The TTC chair has reignited a debate over whether it makes sense to bury the entire portion of the planned Eglinton Avenue light-rail line, when a partially buried line would free up funds for other transit improvements.
Karen Stintz says that if an LRT system is indeed built along Eglinton Avenue, it should only be buried in places where it is absolutely necessary to do so.
"The LRT technology is designed to be at grade," Stintz told CBC News on Monday.
"And so if we stay with the LRT technology, then it does make sense to have it be at grade in the part of the city where there is sufficient road widths to carry the capacity."
Surface route would save money
Furthermore, if money can be saved by putting a portion of the Eglinton line on the surface, Stintz says that money should be used to fund improvements to the Sheppard subway.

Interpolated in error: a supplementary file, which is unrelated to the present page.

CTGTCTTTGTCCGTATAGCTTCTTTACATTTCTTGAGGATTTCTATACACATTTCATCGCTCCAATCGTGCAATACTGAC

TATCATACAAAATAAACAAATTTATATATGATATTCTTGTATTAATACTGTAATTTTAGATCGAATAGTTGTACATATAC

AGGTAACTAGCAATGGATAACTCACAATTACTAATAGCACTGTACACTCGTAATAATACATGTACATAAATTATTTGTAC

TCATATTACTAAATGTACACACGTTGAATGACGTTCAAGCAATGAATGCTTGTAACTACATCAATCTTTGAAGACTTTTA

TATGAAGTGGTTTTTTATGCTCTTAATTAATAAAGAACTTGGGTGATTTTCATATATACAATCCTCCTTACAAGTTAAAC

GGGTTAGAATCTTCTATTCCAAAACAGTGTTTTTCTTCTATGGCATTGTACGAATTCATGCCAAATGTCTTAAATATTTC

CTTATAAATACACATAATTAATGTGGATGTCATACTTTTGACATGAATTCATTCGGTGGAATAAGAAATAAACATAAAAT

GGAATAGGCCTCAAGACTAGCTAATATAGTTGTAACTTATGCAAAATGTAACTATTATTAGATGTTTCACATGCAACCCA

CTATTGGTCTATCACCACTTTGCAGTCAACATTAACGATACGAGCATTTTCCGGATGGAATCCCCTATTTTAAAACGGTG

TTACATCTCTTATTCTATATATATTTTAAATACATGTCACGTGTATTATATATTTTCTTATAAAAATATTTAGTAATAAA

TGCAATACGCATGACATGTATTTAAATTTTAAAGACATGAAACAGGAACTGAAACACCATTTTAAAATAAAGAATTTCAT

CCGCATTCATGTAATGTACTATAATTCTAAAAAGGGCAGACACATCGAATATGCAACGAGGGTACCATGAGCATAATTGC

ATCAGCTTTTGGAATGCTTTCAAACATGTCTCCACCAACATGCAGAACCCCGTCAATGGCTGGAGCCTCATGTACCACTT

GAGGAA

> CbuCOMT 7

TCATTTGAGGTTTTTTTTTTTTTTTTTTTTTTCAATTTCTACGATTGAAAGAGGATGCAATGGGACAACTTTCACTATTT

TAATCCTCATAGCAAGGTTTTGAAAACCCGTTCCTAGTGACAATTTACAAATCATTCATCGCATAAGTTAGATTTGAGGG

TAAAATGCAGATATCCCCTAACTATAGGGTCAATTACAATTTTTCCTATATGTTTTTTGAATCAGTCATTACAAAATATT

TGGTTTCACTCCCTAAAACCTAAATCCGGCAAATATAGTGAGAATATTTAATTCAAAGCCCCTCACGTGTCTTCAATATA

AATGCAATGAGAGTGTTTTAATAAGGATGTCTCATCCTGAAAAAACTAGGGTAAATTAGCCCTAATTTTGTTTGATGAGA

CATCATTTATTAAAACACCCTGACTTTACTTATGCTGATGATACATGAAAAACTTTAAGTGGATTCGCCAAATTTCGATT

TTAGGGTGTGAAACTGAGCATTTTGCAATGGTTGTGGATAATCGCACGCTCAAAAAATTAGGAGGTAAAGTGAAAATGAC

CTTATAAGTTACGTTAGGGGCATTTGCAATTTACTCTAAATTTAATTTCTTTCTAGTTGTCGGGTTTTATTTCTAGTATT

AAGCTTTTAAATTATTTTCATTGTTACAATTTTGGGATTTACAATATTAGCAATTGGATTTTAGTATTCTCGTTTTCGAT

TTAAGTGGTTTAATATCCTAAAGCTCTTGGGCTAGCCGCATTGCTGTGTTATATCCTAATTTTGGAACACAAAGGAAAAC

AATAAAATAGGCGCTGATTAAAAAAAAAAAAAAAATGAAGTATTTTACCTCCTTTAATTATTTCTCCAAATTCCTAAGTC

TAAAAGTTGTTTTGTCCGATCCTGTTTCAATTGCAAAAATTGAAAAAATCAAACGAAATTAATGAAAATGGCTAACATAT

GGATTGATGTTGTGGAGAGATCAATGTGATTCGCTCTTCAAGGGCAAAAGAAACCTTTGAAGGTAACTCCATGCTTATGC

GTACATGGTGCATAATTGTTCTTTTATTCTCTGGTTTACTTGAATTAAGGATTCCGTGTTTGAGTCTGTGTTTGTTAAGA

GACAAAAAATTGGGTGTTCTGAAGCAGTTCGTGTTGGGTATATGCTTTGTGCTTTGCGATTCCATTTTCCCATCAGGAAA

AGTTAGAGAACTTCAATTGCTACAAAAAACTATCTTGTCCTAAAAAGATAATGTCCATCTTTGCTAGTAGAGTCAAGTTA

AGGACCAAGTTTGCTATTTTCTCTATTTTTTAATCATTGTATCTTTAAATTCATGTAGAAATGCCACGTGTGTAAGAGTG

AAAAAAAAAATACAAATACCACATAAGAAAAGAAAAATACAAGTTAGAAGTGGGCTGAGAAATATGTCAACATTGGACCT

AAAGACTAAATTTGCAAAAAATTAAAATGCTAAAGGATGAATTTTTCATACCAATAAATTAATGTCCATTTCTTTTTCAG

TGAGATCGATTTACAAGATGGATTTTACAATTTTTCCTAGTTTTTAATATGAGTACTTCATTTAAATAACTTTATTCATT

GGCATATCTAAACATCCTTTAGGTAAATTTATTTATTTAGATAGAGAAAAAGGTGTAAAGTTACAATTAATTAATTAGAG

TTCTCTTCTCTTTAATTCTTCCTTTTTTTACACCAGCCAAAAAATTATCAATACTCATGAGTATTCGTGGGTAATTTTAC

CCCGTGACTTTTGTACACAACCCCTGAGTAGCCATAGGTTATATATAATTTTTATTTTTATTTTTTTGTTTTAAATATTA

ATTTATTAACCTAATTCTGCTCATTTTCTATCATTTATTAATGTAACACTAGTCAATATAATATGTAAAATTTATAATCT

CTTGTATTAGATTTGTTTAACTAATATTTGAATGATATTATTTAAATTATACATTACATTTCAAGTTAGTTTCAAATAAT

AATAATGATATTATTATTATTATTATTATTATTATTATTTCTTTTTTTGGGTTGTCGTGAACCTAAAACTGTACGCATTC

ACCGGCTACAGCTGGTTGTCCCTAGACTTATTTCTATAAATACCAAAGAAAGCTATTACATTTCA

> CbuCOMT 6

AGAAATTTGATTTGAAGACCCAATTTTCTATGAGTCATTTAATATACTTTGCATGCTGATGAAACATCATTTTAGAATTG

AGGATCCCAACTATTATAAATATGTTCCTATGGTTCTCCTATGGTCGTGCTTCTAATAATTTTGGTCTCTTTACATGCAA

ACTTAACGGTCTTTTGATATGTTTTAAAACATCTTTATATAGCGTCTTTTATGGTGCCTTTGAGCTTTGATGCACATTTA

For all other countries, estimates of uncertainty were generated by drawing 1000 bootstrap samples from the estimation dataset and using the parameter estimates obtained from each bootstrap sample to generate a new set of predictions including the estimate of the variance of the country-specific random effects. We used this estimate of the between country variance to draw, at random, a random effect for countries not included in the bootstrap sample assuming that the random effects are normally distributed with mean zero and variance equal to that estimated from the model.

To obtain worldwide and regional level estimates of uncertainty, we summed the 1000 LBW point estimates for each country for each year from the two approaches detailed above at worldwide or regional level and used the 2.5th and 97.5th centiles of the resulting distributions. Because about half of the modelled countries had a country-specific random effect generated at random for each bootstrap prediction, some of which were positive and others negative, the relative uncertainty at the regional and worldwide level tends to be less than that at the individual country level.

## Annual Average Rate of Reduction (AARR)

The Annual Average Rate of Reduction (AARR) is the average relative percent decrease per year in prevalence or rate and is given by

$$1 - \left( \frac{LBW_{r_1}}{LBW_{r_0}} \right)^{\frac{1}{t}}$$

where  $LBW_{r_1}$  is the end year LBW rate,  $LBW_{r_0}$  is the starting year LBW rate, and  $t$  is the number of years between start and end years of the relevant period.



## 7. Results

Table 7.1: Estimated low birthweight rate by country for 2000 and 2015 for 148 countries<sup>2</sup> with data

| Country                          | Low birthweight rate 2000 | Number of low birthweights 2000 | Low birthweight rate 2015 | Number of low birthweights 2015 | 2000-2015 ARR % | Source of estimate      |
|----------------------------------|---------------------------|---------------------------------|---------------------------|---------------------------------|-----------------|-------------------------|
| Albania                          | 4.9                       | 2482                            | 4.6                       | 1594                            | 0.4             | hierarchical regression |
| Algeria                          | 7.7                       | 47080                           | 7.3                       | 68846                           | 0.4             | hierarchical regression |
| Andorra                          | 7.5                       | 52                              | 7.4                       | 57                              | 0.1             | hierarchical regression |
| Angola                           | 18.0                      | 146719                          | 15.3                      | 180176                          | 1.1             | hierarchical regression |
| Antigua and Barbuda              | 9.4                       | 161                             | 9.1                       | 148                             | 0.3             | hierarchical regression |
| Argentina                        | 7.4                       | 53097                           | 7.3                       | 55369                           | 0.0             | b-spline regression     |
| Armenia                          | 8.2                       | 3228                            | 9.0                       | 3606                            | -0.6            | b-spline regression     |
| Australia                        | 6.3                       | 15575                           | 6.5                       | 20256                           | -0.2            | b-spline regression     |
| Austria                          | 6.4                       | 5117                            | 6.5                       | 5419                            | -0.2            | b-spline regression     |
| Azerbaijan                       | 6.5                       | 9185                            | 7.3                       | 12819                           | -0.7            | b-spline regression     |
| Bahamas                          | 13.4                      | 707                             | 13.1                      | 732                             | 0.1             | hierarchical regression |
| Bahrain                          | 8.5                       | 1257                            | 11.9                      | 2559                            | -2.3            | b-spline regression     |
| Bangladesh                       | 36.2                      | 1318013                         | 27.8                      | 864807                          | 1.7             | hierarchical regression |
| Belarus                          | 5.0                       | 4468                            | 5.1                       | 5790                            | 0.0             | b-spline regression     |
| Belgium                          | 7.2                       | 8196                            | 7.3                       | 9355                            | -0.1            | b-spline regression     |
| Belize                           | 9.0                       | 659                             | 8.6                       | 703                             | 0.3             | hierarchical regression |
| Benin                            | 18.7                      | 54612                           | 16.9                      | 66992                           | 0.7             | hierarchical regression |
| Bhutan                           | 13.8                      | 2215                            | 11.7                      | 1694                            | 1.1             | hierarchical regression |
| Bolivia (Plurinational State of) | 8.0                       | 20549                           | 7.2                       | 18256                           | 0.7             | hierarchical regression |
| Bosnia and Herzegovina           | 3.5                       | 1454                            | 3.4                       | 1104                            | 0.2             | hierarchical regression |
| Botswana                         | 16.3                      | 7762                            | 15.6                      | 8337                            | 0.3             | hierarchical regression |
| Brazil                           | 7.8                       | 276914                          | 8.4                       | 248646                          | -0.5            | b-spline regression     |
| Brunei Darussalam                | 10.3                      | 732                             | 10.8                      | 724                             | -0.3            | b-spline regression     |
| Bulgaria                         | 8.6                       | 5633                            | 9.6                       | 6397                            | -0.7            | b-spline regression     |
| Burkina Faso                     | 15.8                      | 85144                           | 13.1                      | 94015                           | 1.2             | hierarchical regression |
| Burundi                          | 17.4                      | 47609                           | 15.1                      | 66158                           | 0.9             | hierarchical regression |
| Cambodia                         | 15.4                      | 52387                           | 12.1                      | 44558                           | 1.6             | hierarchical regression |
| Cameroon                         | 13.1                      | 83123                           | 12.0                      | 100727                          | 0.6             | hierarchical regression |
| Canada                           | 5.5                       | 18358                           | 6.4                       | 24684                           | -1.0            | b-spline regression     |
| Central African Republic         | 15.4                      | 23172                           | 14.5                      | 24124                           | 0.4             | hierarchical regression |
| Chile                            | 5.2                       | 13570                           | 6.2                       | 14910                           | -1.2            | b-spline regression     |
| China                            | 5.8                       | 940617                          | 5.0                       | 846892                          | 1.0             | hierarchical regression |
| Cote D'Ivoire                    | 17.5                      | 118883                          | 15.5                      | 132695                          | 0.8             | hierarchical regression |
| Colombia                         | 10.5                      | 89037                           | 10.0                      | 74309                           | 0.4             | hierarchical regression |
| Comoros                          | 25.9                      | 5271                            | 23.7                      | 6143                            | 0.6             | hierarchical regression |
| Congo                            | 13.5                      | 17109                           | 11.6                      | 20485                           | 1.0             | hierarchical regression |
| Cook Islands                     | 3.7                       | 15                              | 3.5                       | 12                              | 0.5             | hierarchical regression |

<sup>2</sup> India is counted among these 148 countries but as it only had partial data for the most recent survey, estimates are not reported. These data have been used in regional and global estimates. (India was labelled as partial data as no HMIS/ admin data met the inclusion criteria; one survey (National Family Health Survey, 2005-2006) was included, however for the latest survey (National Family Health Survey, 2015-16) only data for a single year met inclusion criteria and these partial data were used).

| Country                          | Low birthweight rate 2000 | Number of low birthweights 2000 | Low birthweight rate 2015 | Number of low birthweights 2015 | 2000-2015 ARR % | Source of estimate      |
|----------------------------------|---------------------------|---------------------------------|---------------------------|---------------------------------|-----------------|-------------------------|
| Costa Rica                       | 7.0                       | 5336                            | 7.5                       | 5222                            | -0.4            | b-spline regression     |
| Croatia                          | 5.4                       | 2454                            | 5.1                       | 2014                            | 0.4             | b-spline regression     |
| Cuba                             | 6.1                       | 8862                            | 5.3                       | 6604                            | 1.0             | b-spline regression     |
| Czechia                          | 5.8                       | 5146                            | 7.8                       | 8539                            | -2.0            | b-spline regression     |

"My position has been consistent since June: if we can free up money on Eglinton and use it toward Sheppard, then I think that might be something that we should look at," Stintz said.
Originally, the plan was to have the Eglinton LRT only partially buried. But that changed when Mayor Rob Ford took office and struck a deal with the province to put it fully underground.
Stintz says that going back to the original plan could cut the Eglinton LRT price tag by $1 billion.
Transit advocate Steve Munro said Stintz isn't the first to suggest spreading a portion of the $8.2 billion currently earmarked for Eglinton across other transit lines.
"It’s really hard to have a mayor who ran on a platform of respect for taxpayers’ dollars, who is prepared to let the province spend over $2 billion, totally unnecessarily, to put the Eglinton line underground," Munro told CBC News.
Stintz has already drawn support from Coun. Josh Matlow, who tweeted Monday that he supports her efforts to find "a fiscally responsible plan to expand & improve Toronto’s rapid transit system NOW."
Coun. John Parker has also gone on record saying the LRT should be on the surface outside the downtown core.